How to Reframe Rejection So It Ultimately Makes You Stronger

Your worst fear (rejection!) can actually help you—if you let it.

There's no way around it: Rejection, whether in your personal life or professional career, can be as tough as it is inevitable. Any time I experience rejection—big or small—I find myself wondering how anyone is supposed to handle something so debilitating. So I went to some pros for guidance.

The first is entrepreneur John Jacobs, cofounder of Life Is Good. Founded in 1994, Life Is Good is successful by pretty much any standard today. The brand now has around 200 employees and dozens of best-selling designs and products. But like any story worth telling, the company didn't start out that way. It started with cofounders and brothers, John and Bert Jacobs, selling T-shirts with their drawings out of their van. They had to learn from rejection early on.

The second is Amy Morin, LCSW, a psychotherapist, psychology lecturer, and the author of 13 Things Mentally Strong People Don't Do. She's also the host of Mentally Strong People, her brand-new podcast. Having suffered the loss of two loved ones in her early 20s, Morin has dedicated her career to exploring the best (and worst) ways to cope with loss and rejection, including what drives resilient individuals to take even the biggest setbacks in stride.

Here are their most worthy takeaways.

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Trust that it makes you better (even though it doesn't feel like it).

"Rejection can be your best teacher and trainer, but it requires listening to the 'why' objectively and growing from there," Jacobs says. "Easier said than done, but the more rejection, big or small, that you can weather, the more you realize it shapes you into a wiser, more compassionate and stronger person," he says.

It might just be the best thing that can happen to you, but this is dependent on whether or not you allow yourself to grow from it.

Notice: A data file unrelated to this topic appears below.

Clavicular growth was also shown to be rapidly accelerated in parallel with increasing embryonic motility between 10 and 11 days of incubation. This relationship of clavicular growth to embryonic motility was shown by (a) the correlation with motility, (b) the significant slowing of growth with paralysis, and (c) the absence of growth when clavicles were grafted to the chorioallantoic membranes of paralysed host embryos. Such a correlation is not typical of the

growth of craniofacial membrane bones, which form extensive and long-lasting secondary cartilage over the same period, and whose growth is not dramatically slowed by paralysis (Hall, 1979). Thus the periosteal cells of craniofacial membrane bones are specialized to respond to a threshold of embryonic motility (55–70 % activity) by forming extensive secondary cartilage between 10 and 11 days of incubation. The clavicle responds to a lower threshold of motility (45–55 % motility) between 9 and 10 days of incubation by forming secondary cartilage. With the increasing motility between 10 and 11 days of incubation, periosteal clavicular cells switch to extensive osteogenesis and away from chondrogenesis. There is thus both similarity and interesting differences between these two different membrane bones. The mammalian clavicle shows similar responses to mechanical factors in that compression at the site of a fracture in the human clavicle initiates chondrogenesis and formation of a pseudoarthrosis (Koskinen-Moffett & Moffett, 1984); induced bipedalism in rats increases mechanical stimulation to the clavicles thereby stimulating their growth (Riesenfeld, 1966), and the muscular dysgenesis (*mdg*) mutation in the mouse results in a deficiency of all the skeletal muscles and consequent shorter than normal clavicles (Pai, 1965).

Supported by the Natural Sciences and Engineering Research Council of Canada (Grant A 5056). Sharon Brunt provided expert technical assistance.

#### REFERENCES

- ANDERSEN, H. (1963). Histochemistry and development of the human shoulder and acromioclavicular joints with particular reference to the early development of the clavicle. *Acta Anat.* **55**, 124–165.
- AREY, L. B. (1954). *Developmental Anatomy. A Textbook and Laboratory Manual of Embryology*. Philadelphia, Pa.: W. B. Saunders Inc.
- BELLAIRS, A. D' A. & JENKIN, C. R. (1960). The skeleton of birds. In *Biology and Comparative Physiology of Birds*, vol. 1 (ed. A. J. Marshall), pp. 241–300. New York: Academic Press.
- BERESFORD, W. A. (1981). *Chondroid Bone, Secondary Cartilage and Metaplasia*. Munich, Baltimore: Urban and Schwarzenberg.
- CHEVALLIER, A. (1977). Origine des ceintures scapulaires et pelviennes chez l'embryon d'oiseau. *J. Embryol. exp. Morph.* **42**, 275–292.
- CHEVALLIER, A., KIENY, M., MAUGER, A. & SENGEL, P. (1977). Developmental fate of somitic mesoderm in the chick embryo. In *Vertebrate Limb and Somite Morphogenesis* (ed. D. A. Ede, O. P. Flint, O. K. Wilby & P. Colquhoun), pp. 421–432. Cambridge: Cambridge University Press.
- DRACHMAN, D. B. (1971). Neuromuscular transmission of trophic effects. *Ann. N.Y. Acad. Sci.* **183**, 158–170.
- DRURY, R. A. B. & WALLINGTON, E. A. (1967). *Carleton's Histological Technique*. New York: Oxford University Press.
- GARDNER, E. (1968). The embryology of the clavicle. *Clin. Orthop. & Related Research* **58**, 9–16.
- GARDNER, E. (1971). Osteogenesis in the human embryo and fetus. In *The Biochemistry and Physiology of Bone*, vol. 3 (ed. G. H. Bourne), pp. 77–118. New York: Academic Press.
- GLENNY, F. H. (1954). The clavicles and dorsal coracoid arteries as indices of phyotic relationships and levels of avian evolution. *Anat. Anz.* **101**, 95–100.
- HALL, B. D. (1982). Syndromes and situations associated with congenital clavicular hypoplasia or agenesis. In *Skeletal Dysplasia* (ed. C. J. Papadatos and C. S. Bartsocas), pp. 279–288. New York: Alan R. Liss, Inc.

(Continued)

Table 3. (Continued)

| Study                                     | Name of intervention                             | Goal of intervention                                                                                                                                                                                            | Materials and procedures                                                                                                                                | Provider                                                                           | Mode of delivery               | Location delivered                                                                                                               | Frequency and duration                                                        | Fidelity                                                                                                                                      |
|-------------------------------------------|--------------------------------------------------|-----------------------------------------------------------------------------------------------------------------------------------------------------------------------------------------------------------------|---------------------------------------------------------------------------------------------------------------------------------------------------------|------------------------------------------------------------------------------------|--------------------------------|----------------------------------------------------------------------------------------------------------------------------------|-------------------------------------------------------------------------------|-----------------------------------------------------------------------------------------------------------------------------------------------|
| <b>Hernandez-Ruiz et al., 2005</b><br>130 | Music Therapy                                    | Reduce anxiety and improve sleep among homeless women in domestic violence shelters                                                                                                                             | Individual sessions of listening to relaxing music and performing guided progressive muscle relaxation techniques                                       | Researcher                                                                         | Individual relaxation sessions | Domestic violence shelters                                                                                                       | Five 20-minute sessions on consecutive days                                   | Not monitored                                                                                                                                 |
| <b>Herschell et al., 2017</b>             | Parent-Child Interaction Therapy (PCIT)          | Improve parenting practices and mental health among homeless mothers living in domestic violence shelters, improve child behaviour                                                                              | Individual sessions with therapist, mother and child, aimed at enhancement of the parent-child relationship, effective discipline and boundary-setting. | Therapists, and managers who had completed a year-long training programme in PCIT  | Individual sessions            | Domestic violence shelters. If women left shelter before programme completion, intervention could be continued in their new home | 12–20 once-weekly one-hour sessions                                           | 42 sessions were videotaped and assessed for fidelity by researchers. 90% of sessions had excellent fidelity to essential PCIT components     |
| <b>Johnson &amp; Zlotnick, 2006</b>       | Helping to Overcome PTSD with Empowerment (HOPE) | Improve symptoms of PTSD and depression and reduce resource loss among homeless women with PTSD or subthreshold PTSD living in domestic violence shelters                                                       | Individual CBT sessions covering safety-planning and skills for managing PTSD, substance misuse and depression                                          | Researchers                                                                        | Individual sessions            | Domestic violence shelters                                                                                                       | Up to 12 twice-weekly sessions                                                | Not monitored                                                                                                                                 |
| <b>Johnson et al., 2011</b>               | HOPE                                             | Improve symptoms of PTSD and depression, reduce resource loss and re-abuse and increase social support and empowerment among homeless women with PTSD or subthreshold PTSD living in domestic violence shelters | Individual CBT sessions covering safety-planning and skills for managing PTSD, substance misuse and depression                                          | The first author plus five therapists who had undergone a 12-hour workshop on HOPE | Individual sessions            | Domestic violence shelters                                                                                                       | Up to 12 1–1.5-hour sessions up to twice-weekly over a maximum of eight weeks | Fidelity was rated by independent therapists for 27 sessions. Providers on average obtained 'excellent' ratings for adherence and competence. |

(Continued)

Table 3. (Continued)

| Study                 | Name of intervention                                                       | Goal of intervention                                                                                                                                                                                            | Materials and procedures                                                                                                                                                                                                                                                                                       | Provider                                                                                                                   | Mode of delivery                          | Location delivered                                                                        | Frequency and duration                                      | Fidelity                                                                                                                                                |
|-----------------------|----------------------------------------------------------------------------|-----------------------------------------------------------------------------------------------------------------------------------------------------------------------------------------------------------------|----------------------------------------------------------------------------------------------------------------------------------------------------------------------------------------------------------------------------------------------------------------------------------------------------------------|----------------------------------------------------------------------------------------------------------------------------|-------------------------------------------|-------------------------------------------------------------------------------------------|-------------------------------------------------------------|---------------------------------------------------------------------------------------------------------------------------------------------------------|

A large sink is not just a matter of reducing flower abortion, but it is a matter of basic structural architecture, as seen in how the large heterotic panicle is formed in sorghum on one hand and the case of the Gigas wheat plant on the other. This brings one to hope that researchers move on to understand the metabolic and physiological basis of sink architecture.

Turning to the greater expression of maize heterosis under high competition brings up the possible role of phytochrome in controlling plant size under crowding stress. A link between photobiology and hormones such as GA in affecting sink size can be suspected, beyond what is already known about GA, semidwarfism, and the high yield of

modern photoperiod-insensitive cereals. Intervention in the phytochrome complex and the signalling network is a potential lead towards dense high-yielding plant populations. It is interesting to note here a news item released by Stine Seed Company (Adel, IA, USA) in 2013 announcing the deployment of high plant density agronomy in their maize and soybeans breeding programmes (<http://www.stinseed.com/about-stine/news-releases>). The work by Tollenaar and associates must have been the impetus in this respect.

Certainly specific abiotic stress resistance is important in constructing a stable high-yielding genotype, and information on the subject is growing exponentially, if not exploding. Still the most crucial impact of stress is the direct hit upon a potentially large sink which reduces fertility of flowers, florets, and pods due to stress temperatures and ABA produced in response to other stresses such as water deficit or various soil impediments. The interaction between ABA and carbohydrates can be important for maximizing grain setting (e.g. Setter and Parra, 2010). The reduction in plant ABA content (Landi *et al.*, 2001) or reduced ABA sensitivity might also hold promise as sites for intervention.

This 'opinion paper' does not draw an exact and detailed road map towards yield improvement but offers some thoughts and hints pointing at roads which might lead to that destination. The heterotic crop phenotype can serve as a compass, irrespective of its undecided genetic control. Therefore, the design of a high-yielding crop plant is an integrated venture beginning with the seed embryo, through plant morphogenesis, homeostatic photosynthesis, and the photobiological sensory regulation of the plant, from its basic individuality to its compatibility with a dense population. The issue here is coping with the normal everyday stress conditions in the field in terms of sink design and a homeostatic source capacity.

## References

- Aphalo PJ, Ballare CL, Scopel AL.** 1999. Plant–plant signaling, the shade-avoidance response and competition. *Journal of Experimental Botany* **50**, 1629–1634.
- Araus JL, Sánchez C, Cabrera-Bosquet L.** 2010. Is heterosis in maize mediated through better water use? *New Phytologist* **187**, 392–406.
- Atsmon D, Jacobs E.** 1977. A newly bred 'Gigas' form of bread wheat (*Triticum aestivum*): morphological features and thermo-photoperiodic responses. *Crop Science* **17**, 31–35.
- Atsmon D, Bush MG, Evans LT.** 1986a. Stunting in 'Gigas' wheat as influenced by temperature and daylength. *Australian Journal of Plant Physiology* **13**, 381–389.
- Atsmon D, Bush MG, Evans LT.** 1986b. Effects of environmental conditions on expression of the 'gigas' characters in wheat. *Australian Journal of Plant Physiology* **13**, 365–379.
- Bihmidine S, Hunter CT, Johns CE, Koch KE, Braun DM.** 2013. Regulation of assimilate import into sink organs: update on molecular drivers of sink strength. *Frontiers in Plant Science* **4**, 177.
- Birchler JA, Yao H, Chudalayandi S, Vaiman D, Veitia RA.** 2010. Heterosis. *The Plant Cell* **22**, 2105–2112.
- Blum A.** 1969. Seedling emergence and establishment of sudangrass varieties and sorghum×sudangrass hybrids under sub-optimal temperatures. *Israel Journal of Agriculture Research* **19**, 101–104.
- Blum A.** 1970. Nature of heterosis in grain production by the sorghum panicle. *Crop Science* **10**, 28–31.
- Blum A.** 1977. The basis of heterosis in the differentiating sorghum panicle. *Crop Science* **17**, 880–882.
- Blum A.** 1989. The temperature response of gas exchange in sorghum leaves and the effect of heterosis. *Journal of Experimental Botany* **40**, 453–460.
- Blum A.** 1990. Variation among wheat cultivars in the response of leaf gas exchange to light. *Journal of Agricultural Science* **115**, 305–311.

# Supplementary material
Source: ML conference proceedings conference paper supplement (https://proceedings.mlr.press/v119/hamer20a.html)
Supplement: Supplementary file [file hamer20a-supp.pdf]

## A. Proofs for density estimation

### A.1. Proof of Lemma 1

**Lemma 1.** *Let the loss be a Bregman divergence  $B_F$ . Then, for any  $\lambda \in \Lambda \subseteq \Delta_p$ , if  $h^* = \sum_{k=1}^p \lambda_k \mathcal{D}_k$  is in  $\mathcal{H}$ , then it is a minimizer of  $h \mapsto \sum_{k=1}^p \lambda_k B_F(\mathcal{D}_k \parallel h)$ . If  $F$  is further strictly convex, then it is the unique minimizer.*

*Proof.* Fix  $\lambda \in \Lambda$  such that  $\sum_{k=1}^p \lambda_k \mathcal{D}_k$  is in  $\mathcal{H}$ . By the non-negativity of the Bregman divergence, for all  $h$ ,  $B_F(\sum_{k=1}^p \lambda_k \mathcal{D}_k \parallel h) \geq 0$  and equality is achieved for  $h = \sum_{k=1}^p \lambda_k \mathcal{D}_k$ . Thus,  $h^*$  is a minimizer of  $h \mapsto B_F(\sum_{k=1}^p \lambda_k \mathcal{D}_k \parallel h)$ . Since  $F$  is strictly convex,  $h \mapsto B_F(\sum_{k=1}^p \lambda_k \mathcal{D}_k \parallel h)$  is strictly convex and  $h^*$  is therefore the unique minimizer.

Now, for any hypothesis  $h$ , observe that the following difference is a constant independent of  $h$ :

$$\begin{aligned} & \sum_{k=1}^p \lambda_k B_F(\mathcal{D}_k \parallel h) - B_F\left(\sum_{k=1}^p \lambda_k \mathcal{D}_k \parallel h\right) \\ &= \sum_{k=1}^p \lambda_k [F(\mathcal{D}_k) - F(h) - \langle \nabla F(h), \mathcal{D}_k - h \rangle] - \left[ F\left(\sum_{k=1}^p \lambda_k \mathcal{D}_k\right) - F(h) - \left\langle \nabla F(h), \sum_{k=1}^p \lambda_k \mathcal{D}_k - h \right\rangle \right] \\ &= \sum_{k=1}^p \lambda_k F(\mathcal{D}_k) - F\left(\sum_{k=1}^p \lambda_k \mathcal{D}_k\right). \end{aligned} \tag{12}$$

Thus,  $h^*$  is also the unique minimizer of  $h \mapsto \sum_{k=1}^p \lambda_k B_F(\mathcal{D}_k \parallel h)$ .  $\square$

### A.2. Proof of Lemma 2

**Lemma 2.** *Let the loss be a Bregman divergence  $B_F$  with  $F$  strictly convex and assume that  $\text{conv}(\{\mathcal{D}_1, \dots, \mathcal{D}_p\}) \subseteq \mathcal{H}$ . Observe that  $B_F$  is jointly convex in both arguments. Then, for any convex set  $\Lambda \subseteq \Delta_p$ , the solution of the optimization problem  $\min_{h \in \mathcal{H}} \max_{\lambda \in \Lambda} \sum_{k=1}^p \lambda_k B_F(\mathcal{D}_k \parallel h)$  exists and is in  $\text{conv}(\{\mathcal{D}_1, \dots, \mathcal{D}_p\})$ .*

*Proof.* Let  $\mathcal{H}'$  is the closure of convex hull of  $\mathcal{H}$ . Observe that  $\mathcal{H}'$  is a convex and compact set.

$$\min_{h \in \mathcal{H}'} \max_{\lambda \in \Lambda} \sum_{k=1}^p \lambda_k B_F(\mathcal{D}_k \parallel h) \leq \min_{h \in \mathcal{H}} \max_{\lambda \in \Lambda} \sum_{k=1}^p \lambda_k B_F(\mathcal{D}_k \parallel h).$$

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Name what you feel.

Morin says labeling your feelings caused by the rejection can be incredibly helpful. You can't heal what you don't acknowledge.

"The first thing to do is pay attention to your emotions and label your feelings," she says. "Studies show that just putting a name to your emotions can take a lot of the sting out of them. That might mean acknowledging that you're sad, embarrassed, angry, disappointed— whatever you're experiencing."

Fear of rejection is such a real thing because rejection directly triggers one of our greatest vulnerability. We often perceive it as a blow to our self-worth, something we're hard-wired to protect at all costs. As a result, a range of negative emotions can surface after hearing a "no" or other feedback. These feelings vary depending on the circumstances of your rejection. Rejection for a job position could leave you confused and angry, or maybe anxious and hopeless. Rejection by a friend or significant other can make you embarrassed, lonely, hurt, and resentful. Awareness of specific emotions by naming them help you anticipate how you might respond and cope with them.

RELATED: 9 Rules for Moving on After a Breakup, According to Relationship Experts

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Use mental and physical coping strategies.

Morin recommends taking several deep breaths to ease physical symptoms of stress, like accelerated heart rate, in the moment. "You might also need strategies to calm your mind," she says. "Repeating a quick affirmation like, 'I'm OK,' can help drown out some of the negative chatter running through your head." These sound like small actions, but when used regularly they're surprisingly effective.

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Reframe rejection as a learning opportunity.

Jacobs describes going to college campuses trying to sell their shirts—and while it was tough, some of the most impactful feedback came from moments of rejection.

"It's hard in the moment, but how you frame that rejection is critical," he says. "The harshest criticism we heard from students and retailers early on was ultimately the most valuable because it forced us to evolve our designs."

Seeing rejection as a redirection is fairly critical, even if it comes in your personal, rather than professional, life. The most important thing to remember is that you need to take time to acknowledge your feelings, and then get some distance from the situation in order to see things more objectively (not easy, but definitely doable). Taking a new perspective allows you to turn the rejection into an opportunity of learning. How could you have handled yourself differently? What role might you have played in the situation, and how can you improve in your next conversation, relationship, or interview?

"If you practice good self-care, work through your feelings rather than avoid them, and practice healthy coping skills, you can heal much faster than if you simply skip the grief," Morin says.

RELATED: How to Be More Resilient: Tips for Building Resiliency

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